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Pembrolizumab and Nivolumab in Recurrent HNSCC

Panelists: Ezra Cohen, MD, UC San Diego Moores Cancer Center; Viktor Grünwald, MD, Medical School Hannover; Kevin Harrington, MD, PhD, The Royal Marsden NHS Foundation; Tanguy Y. Seiwert, MD, The University of Chicago Medical Center
Published: Wednesday, Jan 11, 2017


Transcript:

Ezra Cohen, MD:
Tanguy, you’re intimately familiar with KEYNOTE-012, of course, being the first author on the manuscript. Tell us very briefly what the primary data points were.

Tanguy Y. Seiwert, MD: KEYNOTE-012 was an expansion cohort in head and neck cancer. KEYNOTE-012 also had other cohorts and other diseases, but the head and neck cohort is obviously what we’ll focus on. So, there were 192 patients that were treated with 2 doses of pembrolizumab. In the end, the largest group was dosed at 200 mg flat every 3 weeks, and that’s actually the dose that was approved. There’s always some debate. But in the end, it’s all about saturating the receptor, and 200 mg flat is likely the dose that we’ll see across the board everywhere. And even for the other agents, flat dosing is actually becoming the standard.

Getting back to KEYNOTE-012: we saw a response rate of about 16% to 18%, depending on which cohort you look at. But more importantly, some of those patients had prolonged benefits. In addition to patients who had responses, and durable responses, patients were actually living far beyond what we expect usually for metastatic disease. We now have a number of patients who have actually completed 2 years of treatment, and the median life expectancy is probably 6 months on a population like this. So, it’s remarkable benefit. In addition to those patients with responses, we also see it with prolonged stable disease. That’s likely why these agents have an effect on overall survival. So, that’s the first point. They are active. They are active in both HPV-positive and in HPV-negative patients, and those patients do remarkably well.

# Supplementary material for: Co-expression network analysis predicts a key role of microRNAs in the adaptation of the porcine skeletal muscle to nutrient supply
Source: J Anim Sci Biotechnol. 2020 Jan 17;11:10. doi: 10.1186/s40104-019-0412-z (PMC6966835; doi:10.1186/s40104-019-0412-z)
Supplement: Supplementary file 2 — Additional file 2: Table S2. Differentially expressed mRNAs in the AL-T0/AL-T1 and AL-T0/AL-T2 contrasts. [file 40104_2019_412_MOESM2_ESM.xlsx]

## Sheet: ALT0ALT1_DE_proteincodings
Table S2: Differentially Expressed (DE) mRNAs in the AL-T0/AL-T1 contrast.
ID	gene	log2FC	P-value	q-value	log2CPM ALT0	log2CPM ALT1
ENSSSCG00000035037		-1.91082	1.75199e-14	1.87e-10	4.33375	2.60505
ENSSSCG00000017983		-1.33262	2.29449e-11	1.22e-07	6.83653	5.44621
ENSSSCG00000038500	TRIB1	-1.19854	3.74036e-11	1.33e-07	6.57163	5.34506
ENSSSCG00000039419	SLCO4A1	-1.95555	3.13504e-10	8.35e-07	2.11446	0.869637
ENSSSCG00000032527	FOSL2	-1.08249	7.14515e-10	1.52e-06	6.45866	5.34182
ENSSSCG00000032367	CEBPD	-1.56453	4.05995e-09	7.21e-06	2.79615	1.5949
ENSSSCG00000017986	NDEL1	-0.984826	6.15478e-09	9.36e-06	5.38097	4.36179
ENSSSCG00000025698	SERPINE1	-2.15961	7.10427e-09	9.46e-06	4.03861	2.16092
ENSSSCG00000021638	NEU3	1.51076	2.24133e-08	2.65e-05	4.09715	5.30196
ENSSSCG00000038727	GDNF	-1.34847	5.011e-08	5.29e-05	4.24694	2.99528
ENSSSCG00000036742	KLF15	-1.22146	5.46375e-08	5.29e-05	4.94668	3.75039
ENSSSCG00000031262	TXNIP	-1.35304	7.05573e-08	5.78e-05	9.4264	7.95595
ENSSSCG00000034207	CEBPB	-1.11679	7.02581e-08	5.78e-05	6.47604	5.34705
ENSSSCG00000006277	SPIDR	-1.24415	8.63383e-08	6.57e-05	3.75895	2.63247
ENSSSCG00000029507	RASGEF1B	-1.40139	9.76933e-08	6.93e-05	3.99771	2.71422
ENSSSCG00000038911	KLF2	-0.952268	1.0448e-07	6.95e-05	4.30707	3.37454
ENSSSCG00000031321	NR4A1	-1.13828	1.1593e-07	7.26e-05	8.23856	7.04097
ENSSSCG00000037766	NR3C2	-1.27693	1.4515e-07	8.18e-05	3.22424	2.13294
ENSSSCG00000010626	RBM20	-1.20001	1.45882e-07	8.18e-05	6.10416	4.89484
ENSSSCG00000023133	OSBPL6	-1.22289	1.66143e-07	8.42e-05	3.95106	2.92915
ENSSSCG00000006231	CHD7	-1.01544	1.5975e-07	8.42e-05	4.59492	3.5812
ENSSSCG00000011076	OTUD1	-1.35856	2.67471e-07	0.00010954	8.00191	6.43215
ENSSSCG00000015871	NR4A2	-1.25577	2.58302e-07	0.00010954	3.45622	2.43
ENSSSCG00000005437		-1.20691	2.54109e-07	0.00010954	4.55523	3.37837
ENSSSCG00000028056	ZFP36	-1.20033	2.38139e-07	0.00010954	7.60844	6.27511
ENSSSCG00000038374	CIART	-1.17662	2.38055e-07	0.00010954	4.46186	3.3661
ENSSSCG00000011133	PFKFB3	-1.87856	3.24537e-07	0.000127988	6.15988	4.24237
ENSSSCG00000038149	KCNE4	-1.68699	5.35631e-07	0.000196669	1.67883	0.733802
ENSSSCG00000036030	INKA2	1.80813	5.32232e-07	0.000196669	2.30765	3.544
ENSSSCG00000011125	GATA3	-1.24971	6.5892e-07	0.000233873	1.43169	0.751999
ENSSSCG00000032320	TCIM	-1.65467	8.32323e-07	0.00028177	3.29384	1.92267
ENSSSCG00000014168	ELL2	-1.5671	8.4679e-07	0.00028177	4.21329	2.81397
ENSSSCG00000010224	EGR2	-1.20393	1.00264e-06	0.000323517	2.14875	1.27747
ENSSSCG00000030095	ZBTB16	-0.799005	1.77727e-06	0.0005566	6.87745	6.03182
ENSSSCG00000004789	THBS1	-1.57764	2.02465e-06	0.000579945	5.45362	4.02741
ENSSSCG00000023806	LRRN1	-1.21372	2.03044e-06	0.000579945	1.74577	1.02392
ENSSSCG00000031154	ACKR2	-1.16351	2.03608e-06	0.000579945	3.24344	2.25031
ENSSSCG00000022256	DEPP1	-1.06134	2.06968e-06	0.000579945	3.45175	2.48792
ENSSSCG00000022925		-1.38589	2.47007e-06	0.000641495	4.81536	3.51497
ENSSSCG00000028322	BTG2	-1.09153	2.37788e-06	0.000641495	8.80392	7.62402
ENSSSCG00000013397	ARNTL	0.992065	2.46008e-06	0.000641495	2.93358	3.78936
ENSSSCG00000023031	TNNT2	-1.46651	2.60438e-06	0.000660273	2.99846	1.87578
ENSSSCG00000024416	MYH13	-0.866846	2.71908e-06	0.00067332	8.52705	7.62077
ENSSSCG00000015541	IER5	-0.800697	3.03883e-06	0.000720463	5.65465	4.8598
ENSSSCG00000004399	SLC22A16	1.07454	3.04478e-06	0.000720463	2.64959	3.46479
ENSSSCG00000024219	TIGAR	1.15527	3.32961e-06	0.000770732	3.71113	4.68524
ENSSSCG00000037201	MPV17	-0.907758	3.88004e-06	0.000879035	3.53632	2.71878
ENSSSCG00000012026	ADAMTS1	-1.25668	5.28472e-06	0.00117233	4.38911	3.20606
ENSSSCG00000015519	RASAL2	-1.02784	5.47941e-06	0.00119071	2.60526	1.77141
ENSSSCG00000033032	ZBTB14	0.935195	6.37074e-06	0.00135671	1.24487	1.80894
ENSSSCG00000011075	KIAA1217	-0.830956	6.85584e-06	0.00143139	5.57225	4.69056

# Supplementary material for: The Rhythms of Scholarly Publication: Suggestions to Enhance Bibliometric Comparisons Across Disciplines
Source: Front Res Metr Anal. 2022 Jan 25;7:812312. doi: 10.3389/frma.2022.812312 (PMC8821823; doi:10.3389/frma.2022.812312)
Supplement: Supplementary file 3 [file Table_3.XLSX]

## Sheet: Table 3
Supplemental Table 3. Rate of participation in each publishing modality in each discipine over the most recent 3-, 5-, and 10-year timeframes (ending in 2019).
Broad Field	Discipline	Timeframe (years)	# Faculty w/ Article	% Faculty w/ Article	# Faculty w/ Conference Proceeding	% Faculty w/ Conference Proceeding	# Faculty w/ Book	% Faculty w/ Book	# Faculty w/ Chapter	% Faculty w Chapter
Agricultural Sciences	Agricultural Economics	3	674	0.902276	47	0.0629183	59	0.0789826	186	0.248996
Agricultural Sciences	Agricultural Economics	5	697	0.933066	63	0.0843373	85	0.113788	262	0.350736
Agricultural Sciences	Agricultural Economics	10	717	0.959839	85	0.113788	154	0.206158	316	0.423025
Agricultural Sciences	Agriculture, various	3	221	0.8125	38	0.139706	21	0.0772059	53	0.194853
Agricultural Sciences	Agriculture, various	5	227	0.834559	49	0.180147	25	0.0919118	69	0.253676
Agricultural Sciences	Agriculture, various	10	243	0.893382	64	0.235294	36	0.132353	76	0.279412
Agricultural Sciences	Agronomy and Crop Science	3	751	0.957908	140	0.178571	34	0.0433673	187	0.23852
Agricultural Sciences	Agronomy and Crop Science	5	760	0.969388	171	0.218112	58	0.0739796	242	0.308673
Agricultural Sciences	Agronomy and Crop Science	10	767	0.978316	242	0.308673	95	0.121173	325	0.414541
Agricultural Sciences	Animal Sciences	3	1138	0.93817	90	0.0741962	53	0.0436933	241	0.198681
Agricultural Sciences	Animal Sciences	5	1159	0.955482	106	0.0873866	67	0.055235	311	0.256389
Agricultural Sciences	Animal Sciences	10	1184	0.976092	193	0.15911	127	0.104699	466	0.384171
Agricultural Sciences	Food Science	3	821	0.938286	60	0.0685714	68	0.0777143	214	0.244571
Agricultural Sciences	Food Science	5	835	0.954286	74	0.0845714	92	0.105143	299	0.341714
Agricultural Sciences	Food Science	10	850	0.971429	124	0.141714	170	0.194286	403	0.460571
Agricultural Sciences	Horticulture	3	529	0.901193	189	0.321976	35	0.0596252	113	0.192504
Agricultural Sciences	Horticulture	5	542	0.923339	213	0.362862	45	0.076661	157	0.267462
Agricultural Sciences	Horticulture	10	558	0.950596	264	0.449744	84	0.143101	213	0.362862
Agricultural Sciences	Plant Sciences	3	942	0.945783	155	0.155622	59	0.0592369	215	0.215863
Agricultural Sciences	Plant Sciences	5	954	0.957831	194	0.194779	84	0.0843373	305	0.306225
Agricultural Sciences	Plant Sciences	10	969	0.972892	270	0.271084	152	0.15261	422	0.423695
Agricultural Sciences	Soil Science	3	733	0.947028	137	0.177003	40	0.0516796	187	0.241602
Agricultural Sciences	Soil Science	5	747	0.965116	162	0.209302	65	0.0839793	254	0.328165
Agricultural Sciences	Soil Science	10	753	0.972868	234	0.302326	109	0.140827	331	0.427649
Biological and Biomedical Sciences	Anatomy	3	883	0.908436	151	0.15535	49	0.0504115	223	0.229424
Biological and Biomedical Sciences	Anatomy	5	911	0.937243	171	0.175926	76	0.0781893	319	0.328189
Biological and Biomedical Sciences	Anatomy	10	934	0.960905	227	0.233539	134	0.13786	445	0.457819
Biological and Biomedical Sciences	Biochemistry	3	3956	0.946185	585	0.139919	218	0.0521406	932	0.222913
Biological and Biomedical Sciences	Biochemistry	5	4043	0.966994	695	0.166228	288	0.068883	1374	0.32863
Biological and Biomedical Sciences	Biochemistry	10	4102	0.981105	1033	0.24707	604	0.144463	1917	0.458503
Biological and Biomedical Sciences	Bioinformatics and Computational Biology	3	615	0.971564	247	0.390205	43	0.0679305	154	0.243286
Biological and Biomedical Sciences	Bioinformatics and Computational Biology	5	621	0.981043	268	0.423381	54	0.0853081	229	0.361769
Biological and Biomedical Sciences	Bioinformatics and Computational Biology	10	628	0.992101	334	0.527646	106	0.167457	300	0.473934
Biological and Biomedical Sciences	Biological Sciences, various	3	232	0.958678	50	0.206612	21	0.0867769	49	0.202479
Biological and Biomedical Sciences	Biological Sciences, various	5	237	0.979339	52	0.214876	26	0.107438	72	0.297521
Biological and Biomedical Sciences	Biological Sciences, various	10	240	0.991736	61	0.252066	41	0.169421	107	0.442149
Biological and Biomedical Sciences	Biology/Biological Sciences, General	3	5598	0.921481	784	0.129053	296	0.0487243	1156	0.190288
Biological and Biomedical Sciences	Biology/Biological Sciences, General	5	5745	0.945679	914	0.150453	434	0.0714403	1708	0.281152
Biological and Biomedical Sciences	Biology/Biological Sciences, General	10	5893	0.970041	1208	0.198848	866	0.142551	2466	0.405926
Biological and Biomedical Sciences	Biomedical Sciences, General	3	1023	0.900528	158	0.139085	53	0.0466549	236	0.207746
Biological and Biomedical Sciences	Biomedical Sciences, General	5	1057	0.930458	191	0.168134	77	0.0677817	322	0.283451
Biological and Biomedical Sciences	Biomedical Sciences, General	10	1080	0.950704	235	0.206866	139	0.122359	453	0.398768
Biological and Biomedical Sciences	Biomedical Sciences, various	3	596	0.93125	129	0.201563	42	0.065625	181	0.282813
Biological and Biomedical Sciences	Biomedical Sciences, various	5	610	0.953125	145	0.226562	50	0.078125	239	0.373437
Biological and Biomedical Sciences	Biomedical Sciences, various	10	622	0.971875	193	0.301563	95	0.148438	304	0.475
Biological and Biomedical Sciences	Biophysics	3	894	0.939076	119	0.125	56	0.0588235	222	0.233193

The other thing that was apparent right away was that these are quite tolerable agents. Most patients have very few or no side effects—skin itching, rash, hypothyroidism. And, generally, these are agents that are very well tolerated. So, if you have a patient who just comes off chemotherapy and they have hair loss, weight loss, and are not feeling well, when they go on an immunotherapy such as pembrolizumab or PD-1 inhibition, they oftentimes feel better right away because they’re no longer on chemotherapy. In addition, these drugs actually seem to really have an impact on overall survival. We saw that on CheckMate-141, and that’s likely why these agents are such a big advance—because they’re overall survival drugs.

So, in general, it’s a very favorable toxicity profile. The one thing I would like to point out, though, is that there are severe side effects, but they are rare. The one that I would like to mention is pneumonitis. It only occurs in about 1% to 2% of patients; however, you have to screen for that because it’s a life-threatening complication. Most patients do very well, but we have to be vigilant for these rare yet potentially severe side effects. And they can be treated with high-dose steroids, like 2 mg of Solu-Medrol a day, but you have to treat quickly and right away if somebody says, “I am short of breath” or “I have a little bit of a cough.” I like to scan them right to look for that and screen for side effects.